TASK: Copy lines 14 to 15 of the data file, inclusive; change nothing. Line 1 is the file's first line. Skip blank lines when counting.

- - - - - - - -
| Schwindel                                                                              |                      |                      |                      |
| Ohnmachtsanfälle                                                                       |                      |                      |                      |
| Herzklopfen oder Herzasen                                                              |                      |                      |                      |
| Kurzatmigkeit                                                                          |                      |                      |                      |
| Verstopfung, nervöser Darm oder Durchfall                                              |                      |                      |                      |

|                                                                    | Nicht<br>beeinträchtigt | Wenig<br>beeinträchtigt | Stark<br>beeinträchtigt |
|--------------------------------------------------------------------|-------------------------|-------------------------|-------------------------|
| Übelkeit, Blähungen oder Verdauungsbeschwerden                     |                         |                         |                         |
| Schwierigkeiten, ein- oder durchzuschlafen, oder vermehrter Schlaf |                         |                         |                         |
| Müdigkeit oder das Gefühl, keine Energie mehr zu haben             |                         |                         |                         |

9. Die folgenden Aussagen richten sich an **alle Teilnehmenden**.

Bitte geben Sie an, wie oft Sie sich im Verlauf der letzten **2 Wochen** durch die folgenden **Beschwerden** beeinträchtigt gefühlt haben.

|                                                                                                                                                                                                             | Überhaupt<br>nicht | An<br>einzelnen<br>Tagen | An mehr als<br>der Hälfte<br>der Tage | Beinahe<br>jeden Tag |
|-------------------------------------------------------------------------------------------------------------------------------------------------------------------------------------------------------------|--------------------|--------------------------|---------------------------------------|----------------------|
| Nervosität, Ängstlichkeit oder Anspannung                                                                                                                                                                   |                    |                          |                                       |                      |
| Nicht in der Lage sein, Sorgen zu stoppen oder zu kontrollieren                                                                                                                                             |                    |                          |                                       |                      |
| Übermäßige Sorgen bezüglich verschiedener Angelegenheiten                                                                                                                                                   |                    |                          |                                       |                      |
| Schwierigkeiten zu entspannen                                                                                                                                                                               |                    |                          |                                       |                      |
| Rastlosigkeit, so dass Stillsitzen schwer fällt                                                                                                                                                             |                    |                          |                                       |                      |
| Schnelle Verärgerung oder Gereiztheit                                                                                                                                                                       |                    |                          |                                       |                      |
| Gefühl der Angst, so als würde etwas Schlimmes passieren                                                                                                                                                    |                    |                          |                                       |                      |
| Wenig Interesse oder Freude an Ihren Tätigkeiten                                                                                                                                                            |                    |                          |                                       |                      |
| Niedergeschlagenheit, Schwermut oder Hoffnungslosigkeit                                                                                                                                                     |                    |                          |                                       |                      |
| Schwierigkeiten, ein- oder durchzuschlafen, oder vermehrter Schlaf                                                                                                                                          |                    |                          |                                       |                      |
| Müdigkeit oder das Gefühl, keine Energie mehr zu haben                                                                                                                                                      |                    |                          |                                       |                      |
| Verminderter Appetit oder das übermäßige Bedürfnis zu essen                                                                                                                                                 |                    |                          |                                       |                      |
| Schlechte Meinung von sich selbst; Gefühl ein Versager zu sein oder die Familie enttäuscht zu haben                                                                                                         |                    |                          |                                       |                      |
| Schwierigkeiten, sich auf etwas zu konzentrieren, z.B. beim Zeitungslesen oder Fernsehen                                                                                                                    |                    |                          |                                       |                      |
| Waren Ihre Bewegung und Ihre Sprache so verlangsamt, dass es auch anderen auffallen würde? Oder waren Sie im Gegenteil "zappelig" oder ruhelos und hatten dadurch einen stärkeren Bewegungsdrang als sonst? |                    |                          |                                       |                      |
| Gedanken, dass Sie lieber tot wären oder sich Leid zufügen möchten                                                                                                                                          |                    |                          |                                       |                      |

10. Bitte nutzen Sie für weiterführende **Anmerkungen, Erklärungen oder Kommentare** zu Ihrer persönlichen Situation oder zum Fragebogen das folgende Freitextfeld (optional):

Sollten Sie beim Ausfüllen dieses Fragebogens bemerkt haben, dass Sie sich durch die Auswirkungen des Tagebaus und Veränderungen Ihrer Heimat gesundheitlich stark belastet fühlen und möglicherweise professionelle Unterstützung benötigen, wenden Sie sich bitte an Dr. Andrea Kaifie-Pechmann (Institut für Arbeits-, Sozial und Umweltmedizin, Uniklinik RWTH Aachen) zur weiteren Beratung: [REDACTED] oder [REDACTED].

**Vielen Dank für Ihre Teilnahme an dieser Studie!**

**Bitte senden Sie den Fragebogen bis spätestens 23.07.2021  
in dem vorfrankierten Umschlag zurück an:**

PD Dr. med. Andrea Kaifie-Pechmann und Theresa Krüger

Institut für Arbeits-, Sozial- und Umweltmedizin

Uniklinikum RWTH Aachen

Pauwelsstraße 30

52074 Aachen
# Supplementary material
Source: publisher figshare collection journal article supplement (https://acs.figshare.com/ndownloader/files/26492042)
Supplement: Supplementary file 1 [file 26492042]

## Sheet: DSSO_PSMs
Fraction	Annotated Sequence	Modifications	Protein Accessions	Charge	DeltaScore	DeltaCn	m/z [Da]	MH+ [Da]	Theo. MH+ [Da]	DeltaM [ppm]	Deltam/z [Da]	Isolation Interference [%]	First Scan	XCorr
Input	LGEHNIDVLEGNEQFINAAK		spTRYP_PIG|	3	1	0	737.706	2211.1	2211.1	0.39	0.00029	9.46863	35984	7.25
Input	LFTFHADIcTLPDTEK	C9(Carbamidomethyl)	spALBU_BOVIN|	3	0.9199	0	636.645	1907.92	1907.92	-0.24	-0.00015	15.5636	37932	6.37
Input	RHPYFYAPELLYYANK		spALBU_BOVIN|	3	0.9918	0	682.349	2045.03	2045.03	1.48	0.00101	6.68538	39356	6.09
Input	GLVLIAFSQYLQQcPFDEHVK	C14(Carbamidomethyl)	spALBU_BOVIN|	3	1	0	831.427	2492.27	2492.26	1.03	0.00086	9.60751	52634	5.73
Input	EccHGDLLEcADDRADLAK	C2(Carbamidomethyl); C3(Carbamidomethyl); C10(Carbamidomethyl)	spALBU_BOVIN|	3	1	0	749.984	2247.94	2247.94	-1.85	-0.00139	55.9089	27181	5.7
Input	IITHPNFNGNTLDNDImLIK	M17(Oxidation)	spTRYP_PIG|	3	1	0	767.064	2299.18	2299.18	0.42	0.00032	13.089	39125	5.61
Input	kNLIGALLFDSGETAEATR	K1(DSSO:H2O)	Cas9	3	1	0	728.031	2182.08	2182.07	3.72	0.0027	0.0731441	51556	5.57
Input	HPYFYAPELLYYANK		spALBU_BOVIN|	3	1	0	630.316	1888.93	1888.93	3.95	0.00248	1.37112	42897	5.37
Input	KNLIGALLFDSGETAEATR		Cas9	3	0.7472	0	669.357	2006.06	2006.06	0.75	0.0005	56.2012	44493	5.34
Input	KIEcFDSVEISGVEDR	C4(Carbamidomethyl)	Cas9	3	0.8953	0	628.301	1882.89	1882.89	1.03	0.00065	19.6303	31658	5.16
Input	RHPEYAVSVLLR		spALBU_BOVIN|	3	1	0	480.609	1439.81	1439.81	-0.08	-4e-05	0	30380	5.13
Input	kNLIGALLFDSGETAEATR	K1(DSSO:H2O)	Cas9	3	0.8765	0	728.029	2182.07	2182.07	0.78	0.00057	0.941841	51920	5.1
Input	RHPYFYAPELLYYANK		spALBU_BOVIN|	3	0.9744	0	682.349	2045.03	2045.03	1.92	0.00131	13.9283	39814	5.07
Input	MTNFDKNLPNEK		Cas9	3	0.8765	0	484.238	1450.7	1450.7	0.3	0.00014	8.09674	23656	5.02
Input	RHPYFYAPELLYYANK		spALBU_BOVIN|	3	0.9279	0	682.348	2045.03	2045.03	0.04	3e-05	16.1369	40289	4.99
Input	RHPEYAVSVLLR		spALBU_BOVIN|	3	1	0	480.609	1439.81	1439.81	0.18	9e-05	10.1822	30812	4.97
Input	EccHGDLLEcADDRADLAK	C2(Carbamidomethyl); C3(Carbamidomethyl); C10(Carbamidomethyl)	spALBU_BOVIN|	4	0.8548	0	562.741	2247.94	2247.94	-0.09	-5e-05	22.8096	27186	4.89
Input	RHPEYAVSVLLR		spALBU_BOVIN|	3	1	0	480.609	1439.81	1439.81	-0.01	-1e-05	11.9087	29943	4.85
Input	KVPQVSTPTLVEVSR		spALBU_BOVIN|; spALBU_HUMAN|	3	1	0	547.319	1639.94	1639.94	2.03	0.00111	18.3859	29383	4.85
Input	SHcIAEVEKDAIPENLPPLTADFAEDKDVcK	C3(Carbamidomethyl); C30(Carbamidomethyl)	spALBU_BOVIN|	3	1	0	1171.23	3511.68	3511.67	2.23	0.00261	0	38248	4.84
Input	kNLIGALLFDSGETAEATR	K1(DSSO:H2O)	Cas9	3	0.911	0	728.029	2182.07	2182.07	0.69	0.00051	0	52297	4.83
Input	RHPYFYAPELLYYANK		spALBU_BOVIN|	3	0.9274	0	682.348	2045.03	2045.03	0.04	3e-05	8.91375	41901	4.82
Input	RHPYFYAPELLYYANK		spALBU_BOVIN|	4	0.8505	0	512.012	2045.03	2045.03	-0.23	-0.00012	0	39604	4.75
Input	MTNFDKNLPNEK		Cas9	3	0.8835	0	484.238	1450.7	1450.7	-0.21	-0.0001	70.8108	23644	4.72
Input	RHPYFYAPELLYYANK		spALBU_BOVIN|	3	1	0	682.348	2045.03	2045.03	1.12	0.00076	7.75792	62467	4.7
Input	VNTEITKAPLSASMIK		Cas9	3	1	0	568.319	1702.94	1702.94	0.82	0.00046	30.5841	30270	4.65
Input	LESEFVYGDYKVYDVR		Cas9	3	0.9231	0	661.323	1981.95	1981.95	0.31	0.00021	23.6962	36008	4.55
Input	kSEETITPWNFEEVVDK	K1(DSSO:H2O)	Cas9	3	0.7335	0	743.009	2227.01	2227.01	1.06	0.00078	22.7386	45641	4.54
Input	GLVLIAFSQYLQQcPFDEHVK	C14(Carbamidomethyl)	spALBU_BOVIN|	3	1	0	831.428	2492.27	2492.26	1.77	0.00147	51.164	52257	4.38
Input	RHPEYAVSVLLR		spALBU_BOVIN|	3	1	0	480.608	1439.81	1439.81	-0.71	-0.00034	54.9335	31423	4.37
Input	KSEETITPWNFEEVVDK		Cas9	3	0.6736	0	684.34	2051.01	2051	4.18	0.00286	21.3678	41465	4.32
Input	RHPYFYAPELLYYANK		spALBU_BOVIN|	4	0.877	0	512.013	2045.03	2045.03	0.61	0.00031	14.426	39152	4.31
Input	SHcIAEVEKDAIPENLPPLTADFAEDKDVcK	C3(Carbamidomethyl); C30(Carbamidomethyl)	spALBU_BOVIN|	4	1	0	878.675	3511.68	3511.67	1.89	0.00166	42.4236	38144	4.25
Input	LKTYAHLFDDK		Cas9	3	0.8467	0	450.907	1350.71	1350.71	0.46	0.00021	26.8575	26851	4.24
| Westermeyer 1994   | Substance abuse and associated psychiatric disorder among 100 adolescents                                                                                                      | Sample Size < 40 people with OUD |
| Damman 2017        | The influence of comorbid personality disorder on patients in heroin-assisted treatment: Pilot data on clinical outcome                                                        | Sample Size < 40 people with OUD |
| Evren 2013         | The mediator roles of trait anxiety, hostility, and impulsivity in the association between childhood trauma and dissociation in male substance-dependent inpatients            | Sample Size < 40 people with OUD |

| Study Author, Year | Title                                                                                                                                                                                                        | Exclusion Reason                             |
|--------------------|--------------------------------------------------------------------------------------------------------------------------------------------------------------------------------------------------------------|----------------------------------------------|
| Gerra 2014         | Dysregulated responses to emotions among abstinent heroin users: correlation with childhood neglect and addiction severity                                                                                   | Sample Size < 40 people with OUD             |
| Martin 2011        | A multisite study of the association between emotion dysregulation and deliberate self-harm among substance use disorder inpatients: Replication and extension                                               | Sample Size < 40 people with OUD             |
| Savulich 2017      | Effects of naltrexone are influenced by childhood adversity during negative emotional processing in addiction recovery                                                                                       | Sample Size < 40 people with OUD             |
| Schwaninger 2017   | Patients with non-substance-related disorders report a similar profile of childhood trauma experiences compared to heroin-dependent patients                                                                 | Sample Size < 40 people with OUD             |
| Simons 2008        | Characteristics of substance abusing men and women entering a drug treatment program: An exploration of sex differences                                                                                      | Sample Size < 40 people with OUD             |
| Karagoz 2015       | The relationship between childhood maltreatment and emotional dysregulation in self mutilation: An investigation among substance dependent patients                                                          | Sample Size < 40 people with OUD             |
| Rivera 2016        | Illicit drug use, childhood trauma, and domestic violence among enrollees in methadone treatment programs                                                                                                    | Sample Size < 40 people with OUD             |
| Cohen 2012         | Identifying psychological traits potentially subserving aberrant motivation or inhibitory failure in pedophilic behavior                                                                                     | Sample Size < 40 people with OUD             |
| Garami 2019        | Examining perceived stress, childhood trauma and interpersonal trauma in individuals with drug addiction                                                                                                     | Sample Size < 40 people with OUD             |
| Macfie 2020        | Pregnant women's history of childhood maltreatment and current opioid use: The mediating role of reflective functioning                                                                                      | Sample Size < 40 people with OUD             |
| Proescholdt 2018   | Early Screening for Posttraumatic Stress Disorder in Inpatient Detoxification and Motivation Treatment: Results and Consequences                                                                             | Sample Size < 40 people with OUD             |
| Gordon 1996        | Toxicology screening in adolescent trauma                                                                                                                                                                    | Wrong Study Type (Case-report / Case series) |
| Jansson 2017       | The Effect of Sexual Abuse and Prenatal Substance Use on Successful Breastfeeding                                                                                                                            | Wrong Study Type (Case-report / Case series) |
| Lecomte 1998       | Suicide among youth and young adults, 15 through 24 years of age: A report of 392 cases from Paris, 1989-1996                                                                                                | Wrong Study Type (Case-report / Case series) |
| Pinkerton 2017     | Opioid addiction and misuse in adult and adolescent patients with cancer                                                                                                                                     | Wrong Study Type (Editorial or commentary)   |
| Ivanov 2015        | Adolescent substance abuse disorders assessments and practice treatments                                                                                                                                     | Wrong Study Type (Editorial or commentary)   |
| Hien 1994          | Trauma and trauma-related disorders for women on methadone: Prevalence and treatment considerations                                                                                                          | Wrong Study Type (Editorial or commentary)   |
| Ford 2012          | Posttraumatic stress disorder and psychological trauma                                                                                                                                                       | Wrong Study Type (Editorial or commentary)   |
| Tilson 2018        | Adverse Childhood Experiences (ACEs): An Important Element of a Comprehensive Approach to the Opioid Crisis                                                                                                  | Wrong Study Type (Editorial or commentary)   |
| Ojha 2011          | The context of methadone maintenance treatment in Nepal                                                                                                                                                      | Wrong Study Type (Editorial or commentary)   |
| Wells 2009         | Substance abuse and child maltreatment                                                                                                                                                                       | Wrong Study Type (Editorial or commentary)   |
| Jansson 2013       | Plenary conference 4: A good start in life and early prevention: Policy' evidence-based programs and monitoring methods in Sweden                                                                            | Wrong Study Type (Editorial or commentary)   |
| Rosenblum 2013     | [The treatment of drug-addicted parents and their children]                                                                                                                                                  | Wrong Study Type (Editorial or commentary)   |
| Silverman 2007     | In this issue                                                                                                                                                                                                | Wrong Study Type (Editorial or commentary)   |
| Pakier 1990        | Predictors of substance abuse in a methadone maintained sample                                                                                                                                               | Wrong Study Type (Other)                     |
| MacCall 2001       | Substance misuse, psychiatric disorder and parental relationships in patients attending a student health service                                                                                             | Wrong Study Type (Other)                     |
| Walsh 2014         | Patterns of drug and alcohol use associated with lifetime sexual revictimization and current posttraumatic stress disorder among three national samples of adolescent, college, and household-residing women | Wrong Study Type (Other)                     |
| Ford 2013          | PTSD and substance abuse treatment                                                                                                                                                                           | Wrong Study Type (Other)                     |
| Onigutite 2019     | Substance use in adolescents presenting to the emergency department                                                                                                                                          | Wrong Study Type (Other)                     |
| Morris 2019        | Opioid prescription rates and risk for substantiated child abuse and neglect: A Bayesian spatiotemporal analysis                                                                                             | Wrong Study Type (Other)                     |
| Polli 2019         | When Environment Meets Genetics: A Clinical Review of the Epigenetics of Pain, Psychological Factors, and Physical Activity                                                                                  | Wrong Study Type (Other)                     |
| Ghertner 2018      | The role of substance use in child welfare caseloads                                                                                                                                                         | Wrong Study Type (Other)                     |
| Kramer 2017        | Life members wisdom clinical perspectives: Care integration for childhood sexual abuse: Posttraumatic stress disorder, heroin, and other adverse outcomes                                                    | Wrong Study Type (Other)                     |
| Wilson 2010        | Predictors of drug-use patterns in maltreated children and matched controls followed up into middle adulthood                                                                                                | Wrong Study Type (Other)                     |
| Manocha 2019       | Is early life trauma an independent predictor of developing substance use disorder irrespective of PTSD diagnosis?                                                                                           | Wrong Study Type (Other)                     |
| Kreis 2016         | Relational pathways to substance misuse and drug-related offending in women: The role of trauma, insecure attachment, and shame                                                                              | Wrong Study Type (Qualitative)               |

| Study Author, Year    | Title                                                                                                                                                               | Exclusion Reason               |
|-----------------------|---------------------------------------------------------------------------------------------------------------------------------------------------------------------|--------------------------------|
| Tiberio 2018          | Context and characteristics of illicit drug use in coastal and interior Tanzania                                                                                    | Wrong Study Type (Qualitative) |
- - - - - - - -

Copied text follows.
|-------------------------------------------------------------------------------------------------------------------------------------------------------------------------------------------------------------|--------------------|--------------------------|---------------------------------------|----------------------|
| Nervosität, Ängstlichkeit oder Anspannung                                                                                                                                                                   |                    |                          |                                       |                      |